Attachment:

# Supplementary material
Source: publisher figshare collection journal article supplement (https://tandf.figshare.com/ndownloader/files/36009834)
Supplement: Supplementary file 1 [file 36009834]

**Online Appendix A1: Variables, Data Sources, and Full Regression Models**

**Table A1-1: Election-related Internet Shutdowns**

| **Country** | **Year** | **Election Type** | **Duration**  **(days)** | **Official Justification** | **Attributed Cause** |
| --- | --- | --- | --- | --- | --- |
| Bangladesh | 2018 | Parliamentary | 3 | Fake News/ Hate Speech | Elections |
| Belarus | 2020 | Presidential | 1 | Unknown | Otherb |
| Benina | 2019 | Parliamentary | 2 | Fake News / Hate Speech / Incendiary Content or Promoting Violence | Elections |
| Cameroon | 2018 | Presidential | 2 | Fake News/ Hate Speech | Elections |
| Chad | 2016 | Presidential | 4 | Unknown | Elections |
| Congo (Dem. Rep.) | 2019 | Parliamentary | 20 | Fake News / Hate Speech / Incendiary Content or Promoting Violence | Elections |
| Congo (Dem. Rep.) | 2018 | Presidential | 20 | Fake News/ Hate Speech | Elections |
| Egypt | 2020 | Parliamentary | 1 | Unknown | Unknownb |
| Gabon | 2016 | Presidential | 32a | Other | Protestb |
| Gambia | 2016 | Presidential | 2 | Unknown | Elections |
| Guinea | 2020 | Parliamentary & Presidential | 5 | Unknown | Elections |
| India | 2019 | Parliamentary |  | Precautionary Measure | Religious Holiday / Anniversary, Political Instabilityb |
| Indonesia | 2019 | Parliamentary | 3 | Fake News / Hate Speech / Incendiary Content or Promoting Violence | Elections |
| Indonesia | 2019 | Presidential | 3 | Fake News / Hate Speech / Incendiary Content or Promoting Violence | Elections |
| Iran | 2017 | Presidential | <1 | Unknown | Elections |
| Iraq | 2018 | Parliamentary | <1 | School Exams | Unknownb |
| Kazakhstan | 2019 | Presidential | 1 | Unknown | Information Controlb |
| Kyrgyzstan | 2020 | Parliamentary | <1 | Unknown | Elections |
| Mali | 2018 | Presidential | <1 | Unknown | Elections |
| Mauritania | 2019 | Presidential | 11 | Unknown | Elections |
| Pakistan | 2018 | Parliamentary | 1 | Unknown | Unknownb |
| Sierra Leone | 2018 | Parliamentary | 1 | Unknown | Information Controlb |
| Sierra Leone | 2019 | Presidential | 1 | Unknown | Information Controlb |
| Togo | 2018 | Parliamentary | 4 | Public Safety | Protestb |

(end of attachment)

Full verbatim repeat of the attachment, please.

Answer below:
# Supplementary material
Source: publisher figshare collection journal article supplement (https://tandf.figshare.com/ndownloader/files/36009834)
Supplement: Supplementary file 1 [file 36009834]

**Online Appendix A1: Variables, Data Sources, and Full Regression Models**

**Table A1-1: Election-related Internet Shutdowns**

| **Country** | **Year** | **Election Type** | **Duration**  **(days)** | **Official Justification** | **Attributed Cause** |
| --- | --- | --- | --- | --- | --- |
| Bangladesh | 2018 | Parliamentary | 3 | Fake News/ Hate Speech | Elections |
| Belarus | 2020 | Presidential | 1 | Unknown | Otherb |
| Benina | 2019 | Parliamentary | 2 | Fake News / Hate Speech / Incendiary Content or Promoting Violence | Elections |
| Cameroon | 2018 | Presidential | 2 | Fake News/ Hate Speech | Elections |
| Chad | 2016 | Presidential | 4 | Unknown | Elections |
| Congo (Dem. Rep.) | 2019 | Parliamentary | 20 | Fake News / Hate Speech / Incendiary Content or Promoting Violence | Elections |
| Congo (Dem. Rep.) | 2018 | Presidential | 20 | Fake News/ Hate Speech | Elections |
| Egypt | 2020 | Parliamentary | 1 | Unknown | Unknownb |
| Gabon | 2016 | Presidential | 32a | Other | Protestb |
| Gambia | 2016 | Presidential | 2 | Unknown | Elections |
| Guinea | 2020 | Parliamentary & Presidential | 5 | Unknown | Elections |
| India | 2019 | Parliamentary |  | Precautionary Measure | Religious Holiday / Anniversary, Political Instabilityb |
| Indonesia | 2019 | Parliamentary | 3 | Fake News / Hate Speech / Incendiary Content or Promoting Violence | Elections |
| Indonesia | 2019 | Presidential | 3 | Fake News / Hate Speech / Incendiary Content or Promoting Violence | Elections |
| Iran | 2017 | Presidential | <1 | Unknown | Elections |
| Iraq | 2018 | Parliamentary | <1 | School Exams | Unknownb |
| Kazakhstan | 2019 | Presidential | 1 | Unknown | Information Controlb |
| Kyrgyzstan | 2020 | Parliamentary | <1 | Unknown | Elections |
| Mali | 2018 | Presidential | <1 | Unknown | Elections |
| Mauritania | 2019 | Presidential | 11 | Unknown | Elections |
| Pakistan | 2018 | Parliamentary | 1 | Unknown | Unknownb |
| Sierra Leone | 2018 | Parliamentary | 1 | Unknown | Information Controlb |
| Sierra Leone | 2019 | Presidential | 1 | Unknown | Information Controlb |
| Togo | 2018 | Parliamentary | 4 | Public Safety | Protestb |